8. Having given a thoughtful consideration to the rival submissions and from a careful perusal of the orders of the authorities below and documents placed on record, we find that undisputed the joint venture or the consortium was formed only to obtain the contract from the Government bodies. At the time of execution of the joint venture or the consortium, it has been made clear that work/ project awarded to the joint venture would be executed by the joint ventures or the constituents. As per mutually agreed terms and conditions between them, it was also agreed that each party shall be responsible for the provisions of without limitation on resources required for the purpose of fulfilment of the scope and also solely responsible for the performance of its scope of work and shall bear all technical, commercial and facing risk involved in performing its scope of work. 1t was also agreed that none of the party shall assign its rights and obligations to any other party without written consent of other party. From a careful perusal of this joint venture agreement and the consortium agreement, it is evidently clear that the joint venture and the consortium was formed only with an object to bid contract. Once the project or contract is awarded to the joint venture or the consortium, it is to be executed by its constituents or the joint ventures in a ratio agreed upon by the parties. In the instant case in case of a joint venture agreement, the assessee was entitled to execute the 40% of total work awarded by the Andhra Pradesh Government to the joint venture and in case of a consortium it was agreed that the entire work is to be executed by the assessee itself. Therefore for all practical purposes, it was the assessee who executed the work contract or the project awarded to the joint venture. No doubt the joint venture is an independent identity and has filed its return of income and was also assessed to tax but it did not offer any profit or income earned on this project/ works awarded to it nor did he claim any exemption/deduction u/s 80IA(4) of the Act. These facts clearly indicates that the joint venture was only a de-jure contractor but in fact the assessee was a de-facto contractor.

9. The scope of joint venture and its relation with its constituents were examined by this bench of the Tribunal in the case of ITO Vs. UAN Raju Constructions (supra) and the Tribunal has given the finding that there cannot be any relation of contractor and sub-contractor between the joint venture and  its constituents after making a detailed analysis of this relationship. The relevant observation of the Tribunal are extracted here under:

“6. We have heard the parties and carefully perused the record. We have also gone through the “Joint venture partners Agreement” entered by the parties on 20-10-2003 and also the codicil entered between them. The main dispute is with regard to the assess ability of income, if any, in the hands of the assessee-AOP. The case of the AO is that the “Joint Venture” and its members should be treated as separate persons and hence the contract allocated to the members should be treated as “Sub-contracting”. However, the case of the assessee is that the Joint Venture has come into existence only to procure and win the contracts and since the contracts were allocated between the members and further they were executed separately by each ofthe members, no income can be saidto have arisen in the hands of the assessee-AOP.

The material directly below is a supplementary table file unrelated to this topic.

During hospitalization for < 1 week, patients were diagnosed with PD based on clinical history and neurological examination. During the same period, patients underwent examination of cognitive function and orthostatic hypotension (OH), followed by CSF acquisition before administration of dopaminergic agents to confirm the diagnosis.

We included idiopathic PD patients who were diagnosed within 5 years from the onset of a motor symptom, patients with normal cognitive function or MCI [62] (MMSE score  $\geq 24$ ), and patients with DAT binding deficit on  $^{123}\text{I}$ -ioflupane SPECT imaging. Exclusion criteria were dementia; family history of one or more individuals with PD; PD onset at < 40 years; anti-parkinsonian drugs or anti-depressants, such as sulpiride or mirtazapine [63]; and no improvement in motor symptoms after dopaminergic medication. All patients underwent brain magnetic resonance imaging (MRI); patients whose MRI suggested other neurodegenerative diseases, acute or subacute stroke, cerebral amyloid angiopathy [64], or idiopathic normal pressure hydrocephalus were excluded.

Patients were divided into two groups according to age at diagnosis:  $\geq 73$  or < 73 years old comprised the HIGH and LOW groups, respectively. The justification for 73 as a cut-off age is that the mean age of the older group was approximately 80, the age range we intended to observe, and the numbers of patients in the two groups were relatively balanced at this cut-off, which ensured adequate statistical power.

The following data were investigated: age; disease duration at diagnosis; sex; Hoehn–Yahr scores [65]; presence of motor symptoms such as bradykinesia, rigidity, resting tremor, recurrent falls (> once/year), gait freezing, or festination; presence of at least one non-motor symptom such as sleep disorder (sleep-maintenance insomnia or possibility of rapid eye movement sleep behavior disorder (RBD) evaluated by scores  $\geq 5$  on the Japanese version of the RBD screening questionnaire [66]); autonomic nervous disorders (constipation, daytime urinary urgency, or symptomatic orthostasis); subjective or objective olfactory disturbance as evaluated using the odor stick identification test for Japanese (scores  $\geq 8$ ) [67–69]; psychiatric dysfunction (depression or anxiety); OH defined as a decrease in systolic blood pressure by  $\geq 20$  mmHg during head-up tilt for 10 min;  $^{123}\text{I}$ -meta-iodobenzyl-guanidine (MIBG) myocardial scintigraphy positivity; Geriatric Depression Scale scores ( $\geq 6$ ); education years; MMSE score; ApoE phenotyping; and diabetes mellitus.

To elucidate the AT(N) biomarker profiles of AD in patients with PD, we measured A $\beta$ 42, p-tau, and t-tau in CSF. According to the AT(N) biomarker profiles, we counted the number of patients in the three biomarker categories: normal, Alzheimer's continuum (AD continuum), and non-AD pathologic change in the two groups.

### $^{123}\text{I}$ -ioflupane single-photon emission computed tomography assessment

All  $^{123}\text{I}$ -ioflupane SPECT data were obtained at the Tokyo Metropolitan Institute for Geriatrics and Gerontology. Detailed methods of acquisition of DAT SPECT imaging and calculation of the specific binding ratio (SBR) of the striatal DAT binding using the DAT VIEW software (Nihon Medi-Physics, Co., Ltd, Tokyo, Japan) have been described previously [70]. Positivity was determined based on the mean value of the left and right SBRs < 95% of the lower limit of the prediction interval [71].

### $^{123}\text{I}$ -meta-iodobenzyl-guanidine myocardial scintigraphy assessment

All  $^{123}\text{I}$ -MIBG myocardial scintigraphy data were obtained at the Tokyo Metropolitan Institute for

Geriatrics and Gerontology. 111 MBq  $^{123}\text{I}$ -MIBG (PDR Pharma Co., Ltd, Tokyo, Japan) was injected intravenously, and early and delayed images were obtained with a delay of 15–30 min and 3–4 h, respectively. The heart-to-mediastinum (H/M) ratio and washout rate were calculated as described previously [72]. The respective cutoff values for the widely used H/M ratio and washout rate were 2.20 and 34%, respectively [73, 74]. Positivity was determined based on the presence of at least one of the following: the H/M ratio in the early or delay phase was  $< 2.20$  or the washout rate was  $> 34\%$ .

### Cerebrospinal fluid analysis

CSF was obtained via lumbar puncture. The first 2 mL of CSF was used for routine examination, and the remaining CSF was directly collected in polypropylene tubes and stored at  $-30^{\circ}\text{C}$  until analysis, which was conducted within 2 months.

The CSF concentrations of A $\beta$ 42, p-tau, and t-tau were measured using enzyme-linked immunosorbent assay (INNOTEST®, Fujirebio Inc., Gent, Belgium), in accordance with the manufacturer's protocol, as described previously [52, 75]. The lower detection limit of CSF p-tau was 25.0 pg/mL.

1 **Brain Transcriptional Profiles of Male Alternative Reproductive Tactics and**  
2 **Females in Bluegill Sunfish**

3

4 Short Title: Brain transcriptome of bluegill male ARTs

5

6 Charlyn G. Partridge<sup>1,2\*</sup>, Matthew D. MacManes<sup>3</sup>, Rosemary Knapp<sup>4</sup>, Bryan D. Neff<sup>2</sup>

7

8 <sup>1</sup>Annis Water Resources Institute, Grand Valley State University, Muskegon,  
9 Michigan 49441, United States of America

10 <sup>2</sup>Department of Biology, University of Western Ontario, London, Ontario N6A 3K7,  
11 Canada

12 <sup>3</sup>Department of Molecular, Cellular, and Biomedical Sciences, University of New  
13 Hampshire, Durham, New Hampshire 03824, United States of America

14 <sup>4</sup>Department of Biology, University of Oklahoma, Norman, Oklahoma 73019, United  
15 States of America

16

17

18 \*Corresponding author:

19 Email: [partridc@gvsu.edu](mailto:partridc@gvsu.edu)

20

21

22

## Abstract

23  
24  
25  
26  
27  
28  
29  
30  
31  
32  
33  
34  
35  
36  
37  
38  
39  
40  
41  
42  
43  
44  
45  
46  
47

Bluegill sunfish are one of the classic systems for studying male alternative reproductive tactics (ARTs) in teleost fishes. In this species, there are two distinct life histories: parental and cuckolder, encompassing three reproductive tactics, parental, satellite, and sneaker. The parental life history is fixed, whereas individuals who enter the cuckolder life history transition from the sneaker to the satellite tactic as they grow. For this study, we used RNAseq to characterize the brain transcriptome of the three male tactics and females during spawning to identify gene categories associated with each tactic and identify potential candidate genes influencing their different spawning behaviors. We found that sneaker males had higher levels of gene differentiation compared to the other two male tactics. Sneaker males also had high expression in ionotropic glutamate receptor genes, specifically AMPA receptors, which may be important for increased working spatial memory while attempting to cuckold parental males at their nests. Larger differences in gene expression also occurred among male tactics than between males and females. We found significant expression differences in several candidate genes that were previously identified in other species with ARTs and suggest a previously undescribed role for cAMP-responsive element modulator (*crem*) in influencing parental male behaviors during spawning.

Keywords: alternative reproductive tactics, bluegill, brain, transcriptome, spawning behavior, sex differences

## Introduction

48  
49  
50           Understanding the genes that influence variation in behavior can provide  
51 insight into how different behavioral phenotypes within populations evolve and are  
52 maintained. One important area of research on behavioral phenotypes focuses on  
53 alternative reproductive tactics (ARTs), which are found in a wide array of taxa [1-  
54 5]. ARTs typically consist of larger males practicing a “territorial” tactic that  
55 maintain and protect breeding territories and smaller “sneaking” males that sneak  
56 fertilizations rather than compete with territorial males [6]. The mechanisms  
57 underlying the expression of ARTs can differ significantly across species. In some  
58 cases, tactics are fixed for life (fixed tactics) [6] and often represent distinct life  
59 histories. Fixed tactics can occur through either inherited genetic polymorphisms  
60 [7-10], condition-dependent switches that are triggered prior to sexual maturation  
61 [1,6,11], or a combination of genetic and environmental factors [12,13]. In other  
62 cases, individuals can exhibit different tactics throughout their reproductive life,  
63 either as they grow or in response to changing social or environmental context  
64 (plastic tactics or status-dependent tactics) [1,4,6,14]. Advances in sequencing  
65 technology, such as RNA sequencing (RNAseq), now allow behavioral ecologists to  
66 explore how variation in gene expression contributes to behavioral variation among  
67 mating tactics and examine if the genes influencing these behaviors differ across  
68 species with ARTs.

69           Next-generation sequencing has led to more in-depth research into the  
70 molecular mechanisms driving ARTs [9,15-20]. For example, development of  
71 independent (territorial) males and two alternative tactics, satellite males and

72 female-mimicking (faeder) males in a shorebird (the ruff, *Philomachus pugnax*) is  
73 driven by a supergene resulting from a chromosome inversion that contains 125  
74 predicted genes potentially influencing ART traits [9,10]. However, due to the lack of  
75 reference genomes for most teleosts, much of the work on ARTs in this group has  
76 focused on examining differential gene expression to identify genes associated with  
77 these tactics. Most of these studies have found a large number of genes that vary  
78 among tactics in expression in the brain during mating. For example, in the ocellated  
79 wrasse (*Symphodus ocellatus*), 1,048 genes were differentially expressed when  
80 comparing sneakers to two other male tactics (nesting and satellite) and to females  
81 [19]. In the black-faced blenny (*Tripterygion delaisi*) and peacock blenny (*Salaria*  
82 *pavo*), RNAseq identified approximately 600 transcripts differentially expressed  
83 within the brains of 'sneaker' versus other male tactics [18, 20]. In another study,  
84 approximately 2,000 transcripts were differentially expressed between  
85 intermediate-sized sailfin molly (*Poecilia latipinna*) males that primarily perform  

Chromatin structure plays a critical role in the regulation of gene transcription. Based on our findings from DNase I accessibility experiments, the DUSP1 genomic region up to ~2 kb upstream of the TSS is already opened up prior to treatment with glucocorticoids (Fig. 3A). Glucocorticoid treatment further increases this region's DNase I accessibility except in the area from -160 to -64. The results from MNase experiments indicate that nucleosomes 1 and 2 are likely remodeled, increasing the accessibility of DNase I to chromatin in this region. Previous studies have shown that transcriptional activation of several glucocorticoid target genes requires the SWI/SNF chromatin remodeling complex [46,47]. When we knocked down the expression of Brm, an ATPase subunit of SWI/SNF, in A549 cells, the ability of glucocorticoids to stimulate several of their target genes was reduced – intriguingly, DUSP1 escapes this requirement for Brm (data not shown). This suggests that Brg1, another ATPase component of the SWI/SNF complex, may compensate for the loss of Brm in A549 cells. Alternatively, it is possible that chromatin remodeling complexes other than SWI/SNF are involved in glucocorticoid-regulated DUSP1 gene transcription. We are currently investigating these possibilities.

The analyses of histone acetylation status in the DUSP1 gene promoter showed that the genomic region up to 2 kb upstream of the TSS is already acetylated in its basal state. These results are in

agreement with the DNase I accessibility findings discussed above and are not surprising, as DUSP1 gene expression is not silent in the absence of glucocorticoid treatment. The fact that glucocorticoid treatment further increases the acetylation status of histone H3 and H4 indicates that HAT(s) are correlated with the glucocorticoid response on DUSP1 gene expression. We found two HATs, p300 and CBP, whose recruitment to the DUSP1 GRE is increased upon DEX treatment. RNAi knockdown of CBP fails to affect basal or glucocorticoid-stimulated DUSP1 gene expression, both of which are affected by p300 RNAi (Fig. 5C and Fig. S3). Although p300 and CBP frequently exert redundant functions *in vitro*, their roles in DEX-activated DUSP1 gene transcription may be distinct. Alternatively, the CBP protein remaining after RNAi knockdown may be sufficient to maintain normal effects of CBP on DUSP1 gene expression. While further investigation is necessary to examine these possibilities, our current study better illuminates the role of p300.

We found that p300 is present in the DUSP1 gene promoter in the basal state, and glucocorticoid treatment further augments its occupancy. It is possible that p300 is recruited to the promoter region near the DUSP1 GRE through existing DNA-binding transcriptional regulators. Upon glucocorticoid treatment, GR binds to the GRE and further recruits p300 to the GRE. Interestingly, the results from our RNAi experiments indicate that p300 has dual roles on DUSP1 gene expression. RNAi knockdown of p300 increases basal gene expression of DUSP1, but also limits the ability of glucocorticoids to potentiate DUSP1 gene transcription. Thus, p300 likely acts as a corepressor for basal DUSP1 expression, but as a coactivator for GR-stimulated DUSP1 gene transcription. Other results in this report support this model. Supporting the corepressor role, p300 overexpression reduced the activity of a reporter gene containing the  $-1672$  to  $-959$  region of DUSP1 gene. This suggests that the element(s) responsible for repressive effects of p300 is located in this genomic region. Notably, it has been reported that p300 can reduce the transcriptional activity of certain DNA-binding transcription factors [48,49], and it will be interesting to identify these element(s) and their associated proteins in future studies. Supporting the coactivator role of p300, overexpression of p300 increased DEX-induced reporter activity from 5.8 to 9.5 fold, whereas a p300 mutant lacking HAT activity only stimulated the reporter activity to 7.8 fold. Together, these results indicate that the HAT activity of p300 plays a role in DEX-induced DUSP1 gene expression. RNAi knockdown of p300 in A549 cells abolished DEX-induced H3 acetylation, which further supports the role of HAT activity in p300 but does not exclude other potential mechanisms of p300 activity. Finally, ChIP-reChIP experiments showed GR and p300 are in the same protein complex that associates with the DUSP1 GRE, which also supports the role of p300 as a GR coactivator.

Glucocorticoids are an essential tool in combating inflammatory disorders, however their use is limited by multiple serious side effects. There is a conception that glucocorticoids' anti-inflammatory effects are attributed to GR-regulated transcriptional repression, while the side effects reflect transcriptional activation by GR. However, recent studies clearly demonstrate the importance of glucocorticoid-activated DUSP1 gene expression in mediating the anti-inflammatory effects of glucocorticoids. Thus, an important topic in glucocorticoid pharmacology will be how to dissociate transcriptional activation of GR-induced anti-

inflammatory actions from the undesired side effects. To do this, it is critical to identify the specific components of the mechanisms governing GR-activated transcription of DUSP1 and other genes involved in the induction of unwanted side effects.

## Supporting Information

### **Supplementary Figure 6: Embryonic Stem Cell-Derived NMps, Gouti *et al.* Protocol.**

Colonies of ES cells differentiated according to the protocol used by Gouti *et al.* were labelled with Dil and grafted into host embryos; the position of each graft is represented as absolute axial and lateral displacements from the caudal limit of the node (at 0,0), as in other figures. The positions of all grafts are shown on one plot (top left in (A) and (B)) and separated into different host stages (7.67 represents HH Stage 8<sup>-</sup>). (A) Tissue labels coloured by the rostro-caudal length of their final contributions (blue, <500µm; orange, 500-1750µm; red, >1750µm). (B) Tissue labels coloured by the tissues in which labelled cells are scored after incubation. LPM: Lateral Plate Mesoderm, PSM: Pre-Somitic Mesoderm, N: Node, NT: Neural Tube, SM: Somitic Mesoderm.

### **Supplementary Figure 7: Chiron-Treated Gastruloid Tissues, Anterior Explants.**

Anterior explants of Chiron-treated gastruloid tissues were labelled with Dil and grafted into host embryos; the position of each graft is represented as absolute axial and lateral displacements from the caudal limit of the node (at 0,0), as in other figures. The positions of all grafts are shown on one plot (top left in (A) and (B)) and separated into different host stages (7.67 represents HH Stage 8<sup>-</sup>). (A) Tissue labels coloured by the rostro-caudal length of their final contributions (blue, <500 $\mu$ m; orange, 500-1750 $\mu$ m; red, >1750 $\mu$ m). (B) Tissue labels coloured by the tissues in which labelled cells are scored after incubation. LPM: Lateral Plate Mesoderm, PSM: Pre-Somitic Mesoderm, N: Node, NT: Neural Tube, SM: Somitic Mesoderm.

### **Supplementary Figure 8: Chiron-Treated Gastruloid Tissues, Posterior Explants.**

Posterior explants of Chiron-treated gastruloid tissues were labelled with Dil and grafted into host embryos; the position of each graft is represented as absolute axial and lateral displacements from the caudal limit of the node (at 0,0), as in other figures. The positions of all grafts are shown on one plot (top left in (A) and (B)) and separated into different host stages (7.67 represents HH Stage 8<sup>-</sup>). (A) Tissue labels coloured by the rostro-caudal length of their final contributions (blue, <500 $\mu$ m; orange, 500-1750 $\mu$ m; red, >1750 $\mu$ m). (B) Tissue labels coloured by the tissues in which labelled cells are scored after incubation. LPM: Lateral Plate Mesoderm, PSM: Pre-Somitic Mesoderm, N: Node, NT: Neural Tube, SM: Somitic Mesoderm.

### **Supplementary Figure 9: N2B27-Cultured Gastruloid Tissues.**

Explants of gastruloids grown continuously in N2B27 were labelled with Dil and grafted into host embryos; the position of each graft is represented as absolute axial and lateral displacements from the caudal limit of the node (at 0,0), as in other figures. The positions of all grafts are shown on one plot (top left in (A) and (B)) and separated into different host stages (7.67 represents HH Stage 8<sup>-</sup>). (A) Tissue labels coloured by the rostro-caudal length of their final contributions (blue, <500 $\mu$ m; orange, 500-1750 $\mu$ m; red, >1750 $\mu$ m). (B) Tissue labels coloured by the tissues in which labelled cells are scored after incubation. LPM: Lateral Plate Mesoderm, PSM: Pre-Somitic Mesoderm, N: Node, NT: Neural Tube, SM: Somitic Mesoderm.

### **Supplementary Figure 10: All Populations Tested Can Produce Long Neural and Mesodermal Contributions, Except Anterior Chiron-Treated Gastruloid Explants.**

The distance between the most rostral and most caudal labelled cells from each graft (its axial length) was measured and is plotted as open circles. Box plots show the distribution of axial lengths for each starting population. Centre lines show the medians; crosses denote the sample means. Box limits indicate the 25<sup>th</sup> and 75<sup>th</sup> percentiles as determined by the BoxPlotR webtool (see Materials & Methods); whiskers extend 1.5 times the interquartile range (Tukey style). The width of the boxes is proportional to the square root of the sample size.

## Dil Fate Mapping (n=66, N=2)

7. In our country, the implementation of infrastructure projects is taking place in a massive scale. In this connection, global tenders are invited. Hence two or more business enterprises are joining hands by forming a consortium of Joint Venture in order to get qualified for participating in tender process. They regulate themselves, by entering into an agreement, the methodology to be adopted for executing the contract obtained. Before going into the main issues, we feel that it is imperative to discuss about the status and legal position of “Joint Venture”vis-a-vis Income tax Act. The Joint Ventures are not be governed byte provisions of the “Indian Partnership Act , 1932. It is also a known fact that there is no statute which governs a Joint Venture. Hence the issue regarding the relationship between the members and also between the members and the Joint venture has to be decided on the basis of the terms of agreement entered between the parties. Though the ‘Joint Venture Agreements” generally fall in the category of ‘Association of Persons”(AOP) under the Income tax Act , yet their assess ability in the status of ‘AOP”was not free from doubt and we notice that the authorities have decided this issue on the basis of facts and circumstances of each case.

8. The Hon’ble Supreme Court has made a detailed discussion on the concept of ‘Joint Venture” in the case of Fazir Chand Gulati Vs. Uppal Agencies Private Ltd. (2008) 10 SCC 34@. The relevant observations are extracted below:-

“17. This Court had occasion to consider the nature of Joint ­venture’ in New Horizons Ltd vs. Union of India [1995 (1) SCC 478). This Court held: